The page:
Heron Oblivion’s Spooky Debut

Rarely does such beauty and psychedelia come together so naturally as it does in Heron Oblivion‘s self-titled debut. The band’s facebook describes their sound as funeral folk, and it is precisely that. With Meg Baird’s folky and otherworldly vocals and Ethan Miller’s and Noel Von Harmonson’s fuzzed over psychelic guitar riffs, Heron Oblivion’s talents are as diverse and outlying as the band’s sound is.

While there is definitely a link to early to mid 2000s psych-rock, Heron Oblivion’s sound is much more pastoral than that of Comets on Fire, White Hills, or Howlin’ Rain. The San Francisco based quartet found a way to take the best parts of traditional folk and infuse them with a healthy dose of heavy psych. The album’s opening track. “Beneath Fields,” is a great example of this. Whether the song’s beauty comes from Baird’s distant and sort of spooky vocals or the noise-laced blues based riff, “Beneath Fields” promises an album that will arrest its listeners.

And Heron Oblivion does just that. The album collages bits of feedback over solid fuzzy riffs and stripped down drumming to create songs that are dark and haunting. With its heaviness and ethereal vocals, it’s a natural inclination to compare the album to Windhand’s Grief Infernal Flower. And there are strands that link the two.

That said, while Windhand’s efforts seem to stymie in the quagmire of their heaviness, Heron Oblivion’s songs seem to work toward something, to move, however slightly, toward another plane. “Rama,” the longest and center track, is a good example. The song is mainly a chain of verse-chorus-verse-chorus. This chain leads to a hushed bridge that explodes into one of the most blistering solos I’ve heard in a while. This ability for Heron Oblivion to lull their listeners into a sense of security before unleashing a sonic assault is what makes their debut so compelling.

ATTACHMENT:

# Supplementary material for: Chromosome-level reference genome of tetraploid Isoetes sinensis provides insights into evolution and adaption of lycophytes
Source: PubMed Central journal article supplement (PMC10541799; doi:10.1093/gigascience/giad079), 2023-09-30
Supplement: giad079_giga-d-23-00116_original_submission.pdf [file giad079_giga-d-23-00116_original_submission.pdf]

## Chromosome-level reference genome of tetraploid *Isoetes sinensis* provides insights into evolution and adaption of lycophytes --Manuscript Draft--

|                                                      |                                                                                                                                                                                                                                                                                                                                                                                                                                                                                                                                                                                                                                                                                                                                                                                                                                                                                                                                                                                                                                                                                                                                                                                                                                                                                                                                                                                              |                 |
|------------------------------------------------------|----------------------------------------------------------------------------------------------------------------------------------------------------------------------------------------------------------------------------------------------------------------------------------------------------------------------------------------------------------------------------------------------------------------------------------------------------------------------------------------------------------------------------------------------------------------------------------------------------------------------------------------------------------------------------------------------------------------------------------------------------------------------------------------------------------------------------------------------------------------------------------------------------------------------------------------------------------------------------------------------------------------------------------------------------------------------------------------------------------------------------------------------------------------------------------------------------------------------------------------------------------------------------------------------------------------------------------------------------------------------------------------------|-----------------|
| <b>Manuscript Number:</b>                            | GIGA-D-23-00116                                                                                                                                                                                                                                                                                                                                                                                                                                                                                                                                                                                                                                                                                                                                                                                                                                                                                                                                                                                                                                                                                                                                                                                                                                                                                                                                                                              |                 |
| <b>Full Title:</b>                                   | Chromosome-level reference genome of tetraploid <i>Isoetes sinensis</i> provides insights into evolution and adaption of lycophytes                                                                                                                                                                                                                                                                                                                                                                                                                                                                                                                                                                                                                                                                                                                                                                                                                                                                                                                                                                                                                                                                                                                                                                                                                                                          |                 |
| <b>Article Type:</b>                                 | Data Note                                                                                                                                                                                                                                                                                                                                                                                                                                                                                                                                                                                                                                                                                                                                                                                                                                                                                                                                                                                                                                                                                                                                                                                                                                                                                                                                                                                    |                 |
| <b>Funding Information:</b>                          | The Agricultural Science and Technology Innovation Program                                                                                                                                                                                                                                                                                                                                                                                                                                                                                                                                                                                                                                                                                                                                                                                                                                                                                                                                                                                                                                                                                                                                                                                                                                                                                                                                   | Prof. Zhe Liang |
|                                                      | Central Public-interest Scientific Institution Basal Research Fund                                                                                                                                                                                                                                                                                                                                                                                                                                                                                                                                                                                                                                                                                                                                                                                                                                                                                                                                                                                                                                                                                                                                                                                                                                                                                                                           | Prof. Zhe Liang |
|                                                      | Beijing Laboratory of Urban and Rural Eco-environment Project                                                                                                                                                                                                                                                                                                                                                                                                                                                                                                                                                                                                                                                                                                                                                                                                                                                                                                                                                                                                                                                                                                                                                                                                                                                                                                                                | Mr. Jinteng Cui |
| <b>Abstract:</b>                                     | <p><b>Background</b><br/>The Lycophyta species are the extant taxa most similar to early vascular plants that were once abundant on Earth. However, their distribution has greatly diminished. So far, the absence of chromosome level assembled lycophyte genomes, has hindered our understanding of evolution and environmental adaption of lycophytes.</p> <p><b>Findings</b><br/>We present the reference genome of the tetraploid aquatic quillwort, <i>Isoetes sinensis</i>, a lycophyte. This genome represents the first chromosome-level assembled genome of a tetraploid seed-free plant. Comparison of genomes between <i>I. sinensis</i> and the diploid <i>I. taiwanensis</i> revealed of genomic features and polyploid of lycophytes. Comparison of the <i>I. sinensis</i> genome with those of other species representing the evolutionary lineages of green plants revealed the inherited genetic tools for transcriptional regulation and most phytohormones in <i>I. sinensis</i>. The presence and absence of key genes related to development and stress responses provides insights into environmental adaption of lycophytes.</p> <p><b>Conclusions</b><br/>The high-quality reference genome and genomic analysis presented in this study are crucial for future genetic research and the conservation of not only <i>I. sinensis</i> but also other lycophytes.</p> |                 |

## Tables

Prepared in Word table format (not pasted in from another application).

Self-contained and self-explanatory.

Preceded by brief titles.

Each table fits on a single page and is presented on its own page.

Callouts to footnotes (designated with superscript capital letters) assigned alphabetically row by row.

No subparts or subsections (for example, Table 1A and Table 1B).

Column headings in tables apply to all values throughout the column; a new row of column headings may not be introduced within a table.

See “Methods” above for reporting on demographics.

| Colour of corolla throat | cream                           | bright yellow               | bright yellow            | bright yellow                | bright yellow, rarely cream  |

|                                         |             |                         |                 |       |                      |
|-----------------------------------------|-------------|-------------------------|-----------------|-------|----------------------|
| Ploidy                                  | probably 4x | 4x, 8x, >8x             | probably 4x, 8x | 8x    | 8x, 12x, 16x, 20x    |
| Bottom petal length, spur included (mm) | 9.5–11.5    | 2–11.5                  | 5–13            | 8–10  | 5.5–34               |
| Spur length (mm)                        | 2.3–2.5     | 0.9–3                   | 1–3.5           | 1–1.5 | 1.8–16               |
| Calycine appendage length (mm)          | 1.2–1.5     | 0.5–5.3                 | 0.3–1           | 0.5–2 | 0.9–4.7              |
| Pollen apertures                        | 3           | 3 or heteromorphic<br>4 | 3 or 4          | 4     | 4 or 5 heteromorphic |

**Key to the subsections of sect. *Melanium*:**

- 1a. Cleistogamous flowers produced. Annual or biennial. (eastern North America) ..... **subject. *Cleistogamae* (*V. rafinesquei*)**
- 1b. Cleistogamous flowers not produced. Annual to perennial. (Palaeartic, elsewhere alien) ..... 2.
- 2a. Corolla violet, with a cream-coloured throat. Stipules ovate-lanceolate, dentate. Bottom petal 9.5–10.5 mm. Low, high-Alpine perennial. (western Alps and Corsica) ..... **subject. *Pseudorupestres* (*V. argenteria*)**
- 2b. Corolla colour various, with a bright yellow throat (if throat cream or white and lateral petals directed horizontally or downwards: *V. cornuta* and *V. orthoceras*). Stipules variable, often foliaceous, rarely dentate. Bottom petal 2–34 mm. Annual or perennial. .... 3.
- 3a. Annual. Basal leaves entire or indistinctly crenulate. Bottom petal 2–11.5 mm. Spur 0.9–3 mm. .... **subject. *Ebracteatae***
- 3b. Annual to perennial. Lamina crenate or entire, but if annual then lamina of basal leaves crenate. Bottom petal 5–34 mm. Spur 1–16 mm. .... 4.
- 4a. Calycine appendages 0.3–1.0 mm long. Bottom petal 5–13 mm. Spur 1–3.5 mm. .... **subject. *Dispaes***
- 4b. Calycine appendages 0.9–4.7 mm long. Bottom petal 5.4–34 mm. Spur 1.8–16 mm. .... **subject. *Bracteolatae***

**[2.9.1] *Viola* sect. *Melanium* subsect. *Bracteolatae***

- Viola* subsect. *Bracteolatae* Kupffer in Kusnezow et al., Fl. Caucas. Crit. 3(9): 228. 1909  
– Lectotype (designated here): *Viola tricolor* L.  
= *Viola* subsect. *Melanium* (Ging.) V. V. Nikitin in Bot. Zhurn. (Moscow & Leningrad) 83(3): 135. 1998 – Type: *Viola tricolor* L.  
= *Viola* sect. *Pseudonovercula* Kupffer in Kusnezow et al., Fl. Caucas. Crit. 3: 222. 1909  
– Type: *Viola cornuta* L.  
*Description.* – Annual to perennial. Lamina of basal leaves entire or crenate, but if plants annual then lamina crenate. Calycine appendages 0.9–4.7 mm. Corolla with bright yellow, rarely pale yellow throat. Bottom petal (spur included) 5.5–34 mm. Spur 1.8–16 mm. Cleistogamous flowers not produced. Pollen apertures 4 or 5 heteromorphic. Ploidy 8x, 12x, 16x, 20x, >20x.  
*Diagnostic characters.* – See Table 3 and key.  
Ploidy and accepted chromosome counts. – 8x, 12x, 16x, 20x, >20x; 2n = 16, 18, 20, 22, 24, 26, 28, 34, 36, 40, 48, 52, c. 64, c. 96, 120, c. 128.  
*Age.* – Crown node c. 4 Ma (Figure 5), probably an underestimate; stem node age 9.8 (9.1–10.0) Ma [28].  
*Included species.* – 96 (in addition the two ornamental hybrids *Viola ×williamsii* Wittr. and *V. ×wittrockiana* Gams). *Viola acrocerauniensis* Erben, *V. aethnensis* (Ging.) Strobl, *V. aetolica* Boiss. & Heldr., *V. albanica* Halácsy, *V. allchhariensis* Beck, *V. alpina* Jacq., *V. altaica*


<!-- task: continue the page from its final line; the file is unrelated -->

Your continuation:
The album ends on a much more hushed note than it began. Whereas Heron Oblivion‘s start was a flash boil, its end is a rolling simmer. The last two tracks of the album, “Seventeen Landscapes” and “Your Hollows,” do well to compact Heron Oblivion’s aesthetic into subtle soundscapes.

While the album ends in a much softer place, it doesn’t sacrifice any of its power. Even when muted, Heron Oblivion’s ability to store energy into taut but not rigidly arranged riffs is never far from their songs’ surface. One of those moments comes in the last minutes of the album when Baird’s voice elevates on one note, blurring the distinction between guitar line, feedback, and vocal melody.

If you’re a fan of Comets on Fire, White Hills, Acid Mothers Temple, Uzala, Expo 70, you’ll enjoy Heron Oblivion. If you’re a fan of Espers, Joanna Newsom, woods, you’ll enjoy Heron Oblivion. If you’re a fan of music, you’ll enjoy Heron Oblivion.

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